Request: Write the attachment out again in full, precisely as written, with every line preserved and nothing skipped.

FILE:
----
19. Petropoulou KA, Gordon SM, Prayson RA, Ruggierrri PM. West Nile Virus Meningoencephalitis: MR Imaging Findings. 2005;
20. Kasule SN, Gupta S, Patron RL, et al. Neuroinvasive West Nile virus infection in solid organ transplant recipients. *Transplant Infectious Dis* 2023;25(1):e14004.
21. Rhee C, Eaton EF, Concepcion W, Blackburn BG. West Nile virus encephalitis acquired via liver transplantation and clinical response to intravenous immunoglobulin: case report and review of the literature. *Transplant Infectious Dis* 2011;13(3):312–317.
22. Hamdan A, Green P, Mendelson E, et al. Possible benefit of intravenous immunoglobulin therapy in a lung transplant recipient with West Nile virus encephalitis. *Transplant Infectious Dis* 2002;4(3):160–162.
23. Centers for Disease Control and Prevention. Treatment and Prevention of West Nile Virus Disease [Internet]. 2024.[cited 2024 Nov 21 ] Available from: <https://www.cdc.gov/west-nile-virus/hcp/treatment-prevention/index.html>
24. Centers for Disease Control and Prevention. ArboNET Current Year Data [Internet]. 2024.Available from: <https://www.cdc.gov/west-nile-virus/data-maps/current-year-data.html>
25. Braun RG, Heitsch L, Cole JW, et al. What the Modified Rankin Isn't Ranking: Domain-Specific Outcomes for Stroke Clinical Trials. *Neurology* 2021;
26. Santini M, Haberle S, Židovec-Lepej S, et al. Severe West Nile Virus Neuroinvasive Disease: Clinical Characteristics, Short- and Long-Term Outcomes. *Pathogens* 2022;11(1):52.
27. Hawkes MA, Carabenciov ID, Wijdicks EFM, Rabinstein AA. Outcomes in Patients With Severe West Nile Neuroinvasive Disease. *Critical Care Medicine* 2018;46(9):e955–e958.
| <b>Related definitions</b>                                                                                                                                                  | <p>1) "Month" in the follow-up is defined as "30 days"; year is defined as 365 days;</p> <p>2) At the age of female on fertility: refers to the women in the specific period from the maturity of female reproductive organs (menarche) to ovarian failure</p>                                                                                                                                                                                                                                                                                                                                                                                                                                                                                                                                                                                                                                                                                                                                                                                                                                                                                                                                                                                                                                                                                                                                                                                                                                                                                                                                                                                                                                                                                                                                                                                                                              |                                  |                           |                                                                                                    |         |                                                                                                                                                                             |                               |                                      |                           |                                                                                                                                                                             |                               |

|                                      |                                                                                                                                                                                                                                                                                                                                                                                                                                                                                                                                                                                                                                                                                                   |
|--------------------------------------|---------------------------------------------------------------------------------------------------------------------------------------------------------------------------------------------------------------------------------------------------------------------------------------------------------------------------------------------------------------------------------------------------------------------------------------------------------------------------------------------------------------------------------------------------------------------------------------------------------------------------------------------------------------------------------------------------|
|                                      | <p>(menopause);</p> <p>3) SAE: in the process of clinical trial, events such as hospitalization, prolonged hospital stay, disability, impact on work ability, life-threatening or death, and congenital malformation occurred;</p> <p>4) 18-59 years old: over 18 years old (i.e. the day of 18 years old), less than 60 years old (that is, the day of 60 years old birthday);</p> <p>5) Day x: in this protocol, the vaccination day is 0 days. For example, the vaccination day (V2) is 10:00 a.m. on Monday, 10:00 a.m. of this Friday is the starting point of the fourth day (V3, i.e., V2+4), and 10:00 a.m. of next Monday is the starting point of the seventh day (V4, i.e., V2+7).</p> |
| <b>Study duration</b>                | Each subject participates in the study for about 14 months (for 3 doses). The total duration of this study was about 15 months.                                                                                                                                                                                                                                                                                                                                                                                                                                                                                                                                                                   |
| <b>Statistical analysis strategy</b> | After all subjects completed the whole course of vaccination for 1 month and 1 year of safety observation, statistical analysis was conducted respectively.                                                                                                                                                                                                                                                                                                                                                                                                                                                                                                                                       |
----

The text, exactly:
19. Petropoulou KA, Gordon SM, Prayson RA, Ruggierrri PM. West Nile Virus Meningoencephalitis: MR Imaging Findings. 2005;
20. Kasule SN, Gupta S, Patron RL, et al. Neuroinvasive West Nile virus infection in solid organ transplant recipients. *Transplant Infectious Dis* 2023;25(1):e14004.
21. Rhee C, Eaton EF, Concepcion W, Blackburn BG. West Nile virus encephalitis acquired via liver transplantation and clinical response to intravenous immunoglobulin: case report and review of the literature. *Transplant Infectious Dis* 2011;13(3):312–317.
22. Hamdan A, Green P, Mendelson E, et al. Possible benefit of intravenous immunoglobulin therapy in a lung transplant recipient with West Nile virus encephalitis. *Transplant Infectious Dis* 2002;4(3):160–162.
23. Centers for Disease Control and Prevention. Treatment and Prevention of West Nile Virus Disease [Internet]. 2024.[cited 2024 Nov 21 ] Available from: <https://www.cdc.gov/west-nile-virus/hcp/treatment-prevention/index.html>
24. Centers for Disease Control and Prevention. ArboNET Current Year Data [Internet]. 2024.Available from: <https://www.cdc.gov/west-nile-virus/data-maps/current-year-data.html>
25. Braun RG, Heitsch L, Cole JW, et al. What the Modified Rankin Isn't Ranking: Domain-Specific Outcomes for Stroke Clinical Trials. *Neurology* 2021;
26. Santini M, Haberle S, Židovec-Lepej S, et al. Severe West Nile Virus Neuroinvasive Disease: Clinical Characteristics, Short- and Long-Term Outcomes. *Pathogens* 2022;11(1):52.
27. Hawkes MA, Carabenciov ID, Wijdicks EFM, Rabinstein AA. Outcomes in Patients With Severe West Nile Neuroinvasive Disease. *Critical Care Medicine* 2018;46(9):e955–e958.
| <b>Related definitions</b>                                                                                                                                                  | <p>1) "Month" in the follow-up is defined as "30 days"; year is defined as 365 days;</p> <p>2) At the age of female on fertility: refers to the women in the specific period from the maturity of female reproductive organs (menarche) to ovarian failure</p>                                                                                                                                                                                                                                                                                                                                                                                                                                                                                                                                                                                                                                                                                                                                                                                                                                                                                                                                                                                                                                                                                                                                                                                                                                                                                                                                                                                                                                                                                                                                                                                                                              |                                  |                           |                                                                                                    |         |                                                                                                                                                                             |                               |                                      |                           |                                                                                                                                                                             |                               |

|                                      |                                                                                                                                                                                                                                                                                                                                                                                                                                                                                                                                                                                                                                                                                                   |
|--------------------------------------|---------------------------------------------------------------------------------------------------------------------------------------------------------------------------------------------------------------------------------------------------------------------------------------------------------------------------------------------------------------------------------------------------------------------------------------------------------------------------------------------------------------------------------------------------------------------------------------------------------------------------------------------------------------------------------------------------|
|                                      | <p>(menopause);</p> <p>3) SAE: in the process of clinical trial, events such as hospitalization, prolonged hospital stay, disability, impact on work ability, life-threatening or death, and congenital malformation occurred;</p> <p>4) 18-59 years old: over 18 years old (i.e. the day of 18 years old), less than 60 years old (that is, the day of 60 years old birthday);</p> <p>5) Day x: in this protocol, the vaccination day is 0 days. For example, the vaccination day (V2) is 10:00 a.m. on Monday, 10:00 a.m. of this Friday is the starting point of the fourth day (V3, i.e., V2+4), and 10:00 a.m. of next Monday is the starting point of the seventh day (V4, i.e., V2+7).</p> |
| <b>Study duration</b>                | Each subject participates in the study for about 14 months (for 3 doses). The total duration of this study was about 15 months.                                                                                                                                                                                                                                                                                                                                                                                                                                                                                                                                                                   |
| <b>Statistical analysis strategy</b> | After all subjects completed the whole course of vaccination for 1 month and 1 year of safety observation, statistical analysis was conducted respectively.                                                                                                                                                                                                                                                                                                                                                                                                                                                                                                                                       |